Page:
John Hurrell – 20 August, 2018
The image of a tipped-over clipper in turbulent circumstances is a metaphor that Bedford is often partial to, but in the past it has referred to her own volatile emotional state and her romantic relationships. In this new show she has changed the meaning of the nautical trope so that it refers no longer to herself but is much broader—referring to the perilous state of our planet.
31 July - 24 August 2018
Los Angeles artist Whitney Bedford has been showing her ink and oil paintings every couple of years, regularly at Starkwhite since 2010. This is her fourth show, and as usual there is a lot of maritime subject matter, and images of densely overgrown desert vegetation. Most of all she is known for images of old fashioned sailing ships that usually are at the mercy of howling gales and ferocious waves.
Bedford likes to blend delicate illustrative ink drawing with the gestural sweeping use of oil paint and the occasional cloud of finely splattered dots. She is very good at making these imposing displays. This one includes a couple of drawn on metallic coloured panels, featuring sprayed shiny gold surfaces, or wooden panels covered directly with oil paint, or with linen underneath. The works are all on wooden panels that are unframed, with lots of monochromatic sky. Consequently they look lean and elegant.
Most of the intricately rendered ships have parts covered over by swirling single-lined brush marks, spiralling in vortexes around the boats—but not penetrating the works’ picture plane. The swirling lines of paint cling to the panel surface, while also wrapping themselves around—or tumbling over—the ships. They mingle gestural abstraction with perspective-based illustration, jamming and locking the two spatially opposed templates together.
The image of a tipped-over clipper in turbulent circumstances is a metaphor that Bedford is often partial to, but in the past it has referred to her own volatile emotional state and her romantic relationships. In this new show she has changed the meaning of the nautical trope so that it refers no longer to herself but is much broader—referring to the perilous state of our planet. This apprehension about earth’s future is not only because of obvious ecological deteriorations, but also the various global rivalries that refuse to acknowledge them.
For an artist to take an oft repeated metaphorical image, and then alter its stipulated meaning, is a risky project. It undercuts the interpretative value of both past and current work. Yet there have been some changes in the battered clipper motif itself. The tilted hull—with its horizontal stripes-looks slightly mineral-based and stratified, with links to geological formations. A reference to the earth’s rocky substance perhaps.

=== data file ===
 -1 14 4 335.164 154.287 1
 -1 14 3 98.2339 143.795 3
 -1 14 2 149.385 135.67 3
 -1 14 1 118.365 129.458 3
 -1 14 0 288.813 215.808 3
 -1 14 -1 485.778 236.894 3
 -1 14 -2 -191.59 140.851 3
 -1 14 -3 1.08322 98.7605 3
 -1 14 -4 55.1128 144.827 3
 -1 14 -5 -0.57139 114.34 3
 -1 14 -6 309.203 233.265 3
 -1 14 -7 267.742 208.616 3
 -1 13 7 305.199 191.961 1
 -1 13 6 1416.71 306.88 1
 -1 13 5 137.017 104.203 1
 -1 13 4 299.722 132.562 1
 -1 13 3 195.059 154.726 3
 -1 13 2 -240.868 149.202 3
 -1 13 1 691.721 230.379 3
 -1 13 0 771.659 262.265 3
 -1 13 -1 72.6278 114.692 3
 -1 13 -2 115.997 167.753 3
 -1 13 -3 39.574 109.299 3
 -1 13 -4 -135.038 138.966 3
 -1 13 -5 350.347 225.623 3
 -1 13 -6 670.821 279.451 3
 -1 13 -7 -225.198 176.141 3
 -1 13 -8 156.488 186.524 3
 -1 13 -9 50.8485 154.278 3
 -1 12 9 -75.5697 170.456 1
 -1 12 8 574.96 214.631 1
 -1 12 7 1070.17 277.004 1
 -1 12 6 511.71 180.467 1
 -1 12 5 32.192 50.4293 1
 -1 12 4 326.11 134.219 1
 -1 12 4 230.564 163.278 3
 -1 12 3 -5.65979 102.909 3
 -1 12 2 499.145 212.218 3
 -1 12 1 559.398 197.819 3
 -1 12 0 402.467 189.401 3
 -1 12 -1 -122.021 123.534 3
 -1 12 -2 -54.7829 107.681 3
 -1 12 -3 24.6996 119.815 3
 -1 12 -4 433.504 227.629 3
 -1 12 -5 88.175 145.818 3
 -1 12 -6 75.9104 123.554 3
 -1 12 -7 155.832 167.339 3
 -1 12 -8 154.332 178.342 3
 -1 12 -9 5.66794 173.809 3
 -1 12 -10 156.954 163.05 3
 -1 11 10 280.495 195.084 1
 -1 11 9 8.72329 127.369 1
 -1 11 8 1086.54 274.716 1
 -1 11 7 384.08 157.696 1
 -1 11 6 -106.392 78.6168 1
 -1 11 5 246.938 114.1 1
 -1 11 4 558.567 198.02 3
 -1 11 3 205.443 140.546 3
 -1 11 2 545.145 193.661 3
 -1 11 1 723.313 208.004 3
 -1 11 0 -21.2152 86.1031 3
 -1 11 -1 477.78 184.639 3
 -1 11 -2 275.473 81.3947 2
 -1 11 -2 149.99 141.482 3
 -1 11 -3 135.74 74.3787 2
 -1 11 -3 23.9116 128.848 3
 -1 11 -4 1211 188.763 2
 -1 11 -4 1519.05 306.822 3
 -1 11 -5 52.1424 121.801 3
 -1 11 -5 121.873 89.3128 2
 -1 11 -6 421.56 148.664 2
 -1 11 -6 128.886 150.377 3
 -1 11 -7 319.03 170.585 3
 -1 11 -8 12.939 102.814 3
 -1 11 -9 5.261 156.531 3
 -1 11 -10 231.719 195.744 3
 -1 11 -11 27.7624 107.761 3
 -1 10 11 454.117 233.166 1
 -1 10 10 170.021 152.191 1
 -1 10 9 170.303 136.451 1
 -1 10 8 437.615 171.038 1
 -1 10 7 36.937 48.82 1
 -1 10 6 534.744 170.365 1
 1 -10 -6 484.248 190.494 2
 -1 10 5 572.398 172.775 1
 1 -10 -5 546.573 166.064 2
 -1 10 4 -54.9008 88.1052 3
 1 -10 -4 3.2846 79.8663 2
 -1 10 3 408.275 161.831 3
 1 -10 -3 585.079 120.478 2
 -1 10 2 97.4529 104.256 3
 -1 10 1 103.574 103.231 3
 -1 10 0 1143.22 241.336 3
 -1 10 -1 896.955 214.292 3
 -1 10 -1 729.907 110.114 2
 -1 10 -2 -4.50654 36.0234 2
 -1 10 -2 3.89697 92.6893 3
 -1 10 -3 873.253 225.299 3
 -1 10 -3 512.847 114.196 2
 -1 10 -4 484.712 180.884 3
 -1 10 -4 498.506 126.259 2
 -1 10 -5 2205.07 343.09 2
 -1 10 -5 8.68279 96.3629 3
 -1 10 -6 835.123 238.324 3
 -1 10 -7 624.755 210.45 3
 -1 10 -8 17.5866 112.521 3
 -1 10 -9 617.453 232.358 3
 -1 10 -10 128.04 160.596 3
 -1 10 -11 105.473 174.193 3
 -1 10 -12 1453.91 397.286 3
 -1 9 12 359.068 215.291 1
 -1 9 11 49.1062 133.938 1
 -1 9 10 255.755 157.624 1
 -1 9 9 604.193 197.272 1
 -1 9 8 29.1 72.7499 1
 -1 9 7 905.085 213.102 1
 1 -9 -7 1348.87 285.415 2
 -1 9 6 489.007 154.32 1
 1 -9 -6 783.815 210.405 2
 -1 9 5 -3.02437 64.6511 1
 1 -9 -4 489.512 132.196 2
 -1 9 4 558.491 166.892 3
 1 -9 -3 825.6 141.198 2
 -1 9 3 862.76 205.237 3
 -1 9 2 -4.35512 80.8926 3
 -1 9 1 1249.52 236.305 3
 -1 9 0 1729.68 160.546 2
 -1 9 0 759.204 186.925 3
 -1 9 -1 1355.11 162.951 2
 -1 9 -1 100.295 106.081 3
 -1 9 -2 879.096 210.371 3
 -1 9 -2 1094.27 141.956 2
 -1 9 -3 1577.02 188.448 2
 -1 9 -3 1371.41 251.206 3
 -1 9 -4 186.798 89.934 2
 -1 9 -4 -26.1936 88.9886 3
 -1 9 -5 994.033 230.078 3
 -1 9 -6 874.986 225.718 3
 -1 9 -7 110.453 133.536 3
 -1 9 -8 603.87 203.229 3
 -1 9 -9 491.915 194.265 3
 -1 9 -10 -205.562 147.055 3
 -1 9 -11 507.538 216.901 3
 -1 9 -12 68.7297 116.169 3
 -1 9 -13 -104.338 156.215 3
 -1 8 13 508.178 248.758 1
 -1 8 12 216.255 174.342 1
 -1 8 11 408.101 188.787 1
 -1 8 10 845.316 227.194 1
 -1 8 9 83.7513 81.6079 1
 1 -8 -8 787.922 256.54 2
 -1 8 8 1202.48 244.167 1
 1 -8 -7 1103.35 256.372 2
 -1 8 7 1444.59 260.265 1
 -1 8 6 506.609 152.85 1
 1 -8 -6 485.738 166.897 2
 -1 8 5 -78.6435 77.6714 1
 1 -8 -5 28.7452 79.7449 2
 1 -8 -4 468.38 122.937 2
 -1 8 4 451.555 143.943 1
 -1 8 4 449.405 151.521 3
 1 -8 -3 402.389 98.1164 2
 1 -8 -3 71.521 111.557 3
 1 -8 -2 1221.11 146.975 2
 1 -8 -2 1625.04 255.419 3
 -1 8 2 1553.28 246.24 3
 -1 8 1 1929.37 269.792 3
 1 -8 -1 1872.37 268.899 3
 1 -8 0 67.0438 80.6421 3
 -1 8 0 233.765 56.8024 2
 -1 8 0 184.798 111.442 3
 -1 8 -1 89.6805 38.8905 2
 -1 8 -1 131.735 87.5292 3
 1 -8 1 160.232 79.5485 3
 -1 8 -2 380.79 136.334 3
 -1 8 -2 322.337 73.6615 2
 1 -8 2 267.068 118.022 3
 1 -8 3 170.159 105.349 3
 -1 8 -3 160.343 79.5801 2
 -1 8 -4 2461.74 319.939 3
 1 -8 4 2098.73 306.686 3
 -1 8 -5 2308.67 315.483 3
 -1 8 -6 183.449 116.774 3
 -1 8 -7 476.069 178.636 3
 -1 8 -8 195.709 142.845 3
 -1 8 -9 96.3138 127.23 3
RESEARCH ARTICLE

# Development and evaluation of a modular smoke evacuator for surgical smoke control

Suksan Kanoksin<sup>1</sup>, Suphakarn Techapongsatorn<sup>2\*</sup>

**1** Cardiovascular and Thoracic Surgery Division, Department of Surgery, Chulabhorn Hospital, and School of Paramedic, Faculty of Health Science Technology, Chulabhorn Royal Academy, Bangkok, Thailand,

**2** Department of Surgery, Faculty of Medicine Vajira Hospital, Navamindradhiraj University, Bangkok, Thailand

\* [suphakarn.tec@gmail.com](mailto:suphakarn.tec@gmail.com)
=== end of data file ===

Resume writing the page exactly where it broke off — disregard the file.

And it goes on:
The title of Bedford’s show, Bohemia, denotes a calming place of refuge (a “fantasy arcadia”) where ships can go to escape in these reactionary, chaotic and confrontational times. Included amongst the nine works are three that reference New Zealand. Two feature the Pink and White Terraces destroyed in the Tawawera eruption, and the other is a portrait of pioneer feminist, Kate Sheppard.
These images focus on the collective power of scattered marks to render landscape and the human face. The Pink and White Terraces painting (2018) and study (2018) work well expressively in terms of abstract design, though the long vertical lines tend to compress spatially and turn the foreshortened flat terraces into much steeper cliffs. The Kate Sheppard portrait (2018) unlike them is quite painterly, and despite clusters of dots positioned around the side of her head to introduce volume the image remains flat.
Bedford’s drawing skills are more easily appreciated in Hot Wind/ Moving Fast (2015), a rocky, treecovered outcrop, and The Hideaway (2015) an image of a cove where spiky-leaved trees and bedraggled shrubs are growing over short banks that encase the mouth of a stream. With the latter, as with the ship paintings, dragged thin paint is a crucial element, here presenting vertical and diagonal muddy sweeps that plummet to the sea. Angular leaves and dappled textures activate the skyline. If you saw this scene (say) while out whitebaiting—waistdeep in water—you probably wouldn’t even notice, but here, depicted by Bedford with its integrated modernist flourishes, it becomes magic.
To read a transcript of the panel discussion “Whose Oceania?” held recently in London, and more on NZ arts abroad, CLICK HERE
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